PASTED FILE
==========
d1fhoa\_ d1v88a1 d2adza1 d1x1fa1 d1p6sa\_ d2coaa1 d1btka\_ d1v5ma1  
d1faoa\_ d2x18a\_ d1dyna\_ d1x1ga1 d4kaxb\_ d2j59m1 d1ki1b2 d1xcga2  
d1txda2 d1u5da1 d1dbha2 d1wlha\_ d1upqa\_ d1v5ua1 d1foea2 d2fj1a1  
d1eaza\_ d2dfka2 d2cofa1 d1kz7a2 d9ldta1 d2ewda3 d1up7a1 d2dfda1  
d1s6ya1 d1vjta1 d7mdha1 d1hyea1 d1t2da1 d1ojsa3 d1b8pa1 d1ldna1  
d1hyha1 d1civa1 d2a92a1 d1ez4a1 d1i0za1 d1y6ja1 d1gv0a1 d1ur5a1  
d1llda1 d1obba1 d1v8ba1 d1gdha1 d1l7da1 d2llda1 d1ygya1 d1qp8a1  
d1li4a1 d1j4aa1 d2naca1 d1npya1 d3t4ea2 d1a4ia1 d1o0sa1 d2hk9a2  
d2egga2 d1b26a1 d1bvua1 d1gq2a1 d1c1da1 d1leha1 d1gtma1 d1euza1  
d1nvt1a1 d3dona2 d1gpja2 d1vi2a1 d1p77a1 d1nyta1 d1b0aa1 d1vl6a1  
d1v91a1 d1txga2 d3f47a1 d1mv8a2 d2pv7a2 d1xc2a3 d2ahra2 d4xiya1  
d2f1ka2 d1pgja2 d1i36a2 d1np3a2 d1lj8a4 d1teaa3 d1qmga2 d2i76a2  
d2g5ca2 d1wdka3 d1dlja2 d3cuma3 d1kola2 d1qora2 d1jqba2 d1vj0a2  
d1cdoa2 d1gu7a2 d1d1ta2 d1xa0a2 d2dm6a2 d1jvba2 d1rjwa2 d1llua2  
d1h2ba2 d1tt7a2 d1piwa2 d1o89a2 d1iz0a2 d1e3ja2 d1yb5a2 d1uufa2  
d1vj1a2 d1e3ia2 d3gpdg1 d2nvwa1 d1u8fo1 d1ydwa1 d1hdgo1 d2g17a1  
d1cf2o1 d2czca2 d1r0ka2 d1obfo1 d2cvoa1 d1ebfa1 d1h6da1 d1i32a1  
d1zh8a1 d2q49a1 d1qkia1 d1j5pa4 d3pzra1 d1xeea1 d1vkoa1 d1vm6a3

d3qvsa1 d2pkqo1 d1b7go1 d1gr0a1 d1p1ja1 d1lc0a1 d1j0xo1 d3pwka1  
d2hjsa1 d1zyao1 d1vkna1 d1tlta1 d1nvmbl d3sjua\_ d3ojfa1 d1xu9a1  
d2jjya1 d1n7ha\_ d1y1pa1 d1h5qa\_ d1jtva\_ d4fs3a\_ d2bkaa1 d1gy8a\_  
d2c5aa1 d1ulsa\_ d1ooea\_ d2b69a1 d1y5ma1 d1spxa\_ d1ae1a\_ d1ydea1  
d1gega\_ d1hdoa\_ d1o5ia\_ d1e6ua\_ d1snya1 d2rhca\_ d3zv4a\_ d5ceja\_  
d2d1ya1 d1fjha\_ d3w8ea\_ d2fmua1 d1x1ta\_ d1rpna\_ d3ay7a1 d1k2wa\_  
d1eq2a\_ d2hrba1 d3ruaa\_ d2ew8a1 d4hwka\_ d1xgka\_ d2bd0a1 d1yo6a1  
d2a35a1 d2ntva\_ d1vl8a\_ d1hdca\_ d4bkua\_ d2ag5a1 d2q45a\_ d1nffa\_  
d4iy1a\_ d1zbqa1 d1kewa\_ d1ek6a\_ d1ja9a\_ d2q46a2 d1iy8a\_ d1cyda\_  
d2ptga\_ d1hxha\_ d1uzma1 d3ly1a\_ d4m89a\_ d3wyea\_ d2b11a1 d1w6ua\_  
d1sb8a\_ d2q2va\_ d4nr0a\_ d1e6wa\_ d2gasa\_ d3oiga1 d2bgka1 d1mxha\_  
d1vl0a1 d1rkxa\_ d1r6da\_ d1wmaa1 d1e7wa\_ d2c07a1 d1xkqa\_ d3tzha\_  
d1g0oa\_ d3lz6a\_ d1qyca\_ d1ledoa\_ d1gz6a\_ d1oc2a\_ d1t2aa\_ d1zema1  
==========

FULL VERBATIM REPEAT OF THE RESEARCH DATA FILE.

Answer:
d1fhoa\_ d1v88a1 d2adza1 d1x1fa1 d1p6sa\_ d2coaa1 d1btka\_ d1v5ma1  
d1faoa\_ d2x18a\_ d1dyna\_ d1x1ga1 d4kaxb\_ d2j59m1 d1ki1b2 d1xcga2  
d1txda2 d1u5da1 d1dbha2 d1wlha\_ d1upqa\_ d1v5ua1 d1foea2 d2fj1a1  
d1eaza\_ d2dfka2 d2cofa1 d1kz7a2 d9ldta1 d2ewda3 d1up7a1 d2dfda1  
d1s6ya1 d1vjta1 d7mdha1 d1hyea1 d1t2da1 d1ojsa3 d1b8pa1 d1ldna1  
d1hyha1 d1civa1 d2a92a1 d1ez4a1 d1i0za1 d1y6ja1 d1gv0a1 d1ur5a1  
d1llda1 d1obba1 d1v8ba1 d1gdha1 d1l7da1 d2llda1 d1ygya1 d1qp8a1  
d1li4a1 d1j4aa1 d2naca1 d1npya1 d3t4ea2 d1a4ia1 d1o0sa1 d2hk9a2  
d2egga2 d1b26a1 d1bvua1 d1gq2a1 d1c1da1 d1leha1 d1gtma1 d1euza1  
d1nvt1a1 d3dona2 d1gpja2 d1vi2a1 d1p77a1 d1nyta1 d1b0aa1 d1vl6a1  
d1v91a1 d1txga2 d3f47a1 d1mv8a2 d2pv7a2 d1xc2a3 d2ahra2 d4xiya1  
d2f1ka2 d1pgja2 d1i36a2 d1np3a2 d1lj8a4 d1teaa3 d1qmga2 d2i76a2  
d2g5ca2 d1wdka3 d1dlja2 d3cuma3 d1kola2 d1qora2 d1jqba2 d1vj0a2  
d1cdoa2 d1gu7a2 d1d1ta2 d1xa0a2 d2dm6a2 d1jvba2 d1rjwa2 d1llua2  
d1h2ba2 d1tt7a2 d1piwa2 d1o89a2 d1iz0a2 d1e3ja2 d1yb5a2 d1uufa2  
d1vj1a2 d1e3ia2 d3gpdg1 d2nvwa1 d1u8fo1 d1ydwa1 d1hdgo1 d2g17a1  
d1cf2o1 d2czca2 d1r0ka2 d1obfo1 d2cvoa1 d1ebfa1 d1h6da1 d1i32a1  
d1zh8a1 d2q49a1 d1qkia1 d1j5pa4 d3pzra1 d1xeea1 d1vkoa1 d1vm6a3

d3qvsa1 d2pkqo1 d1b7go1 d1gr0a1 d1p1ja1 d1lc0a1 d1j0xo1 d3pwka1  
d2hjsa1 d1zyao1 d1vkna1 d1tlta1 d1nvmbl d3sjua\_ d3ojfa1 d1xu9a1  
d2jjya1 d1n7ha\_ d1y1pa1 d1h5qa\_ d1jtva\_ d4fs3a\_ d2bkaa1 d1gy8a\_  
d2c5aa1 d1ulsa\_ d1ooea\_ d2b69a1 d1y5ma1 d1spxa\_ d1ae1a\_ d1ydea1  
d1gega\_ d1hdoa\_ d1o5ia\_ d1e6ua\_ d1snya1 d2rhca\_ d3zv4a\_ d5ceja\_  
d2d1ya1 d1fjha\_ d3w8ea\_ d2fmua1 d1x1ta\_ d1rpna\_ d3ay7a1 d1k2wa\_  
d1eq2a\_ d2hrba1 d3ruaa\_ d2ew8a1 d4hwka\_ d1xgka\_ d2bd0a1 d1yo6a1  
d2a35a1 d2ntva\_ d1vl8a\_ d1hdca\_ d4bkua\_ d2ag5a1 d2q45a\_ d1nffa\_  
d4iy1a\_ d1zbqa1 d1kewa\_ d1ek6a\_ d1ja9a\_ d2q46a2 d1iy8a\_ d1cyda\_  
d2ptga\_ d1hxha\_ d1uzma1 d3ly1a\_ d4m89a\_ d3wyea\_ d2b11a1 d1w6ua\_  
d1sb8a\_ d2q2va\_ d4nr0a\_ d1e6wa\_ d2gasa\_ d3oiga1 d2bgka1 d1mxha\_  
d1vl0a1 d1rkxa\_ d1r6da\_ d1wmaa1 d1e7wa\_ d2c07a1 d1xkqa\_ d3tzha\_  
d1g0oa\_ d3lz6a\_ d1qyca\_ d1ledoa\_ d1gz6a\_ d1oc2a\_ d1t2aa\_ d1zema1  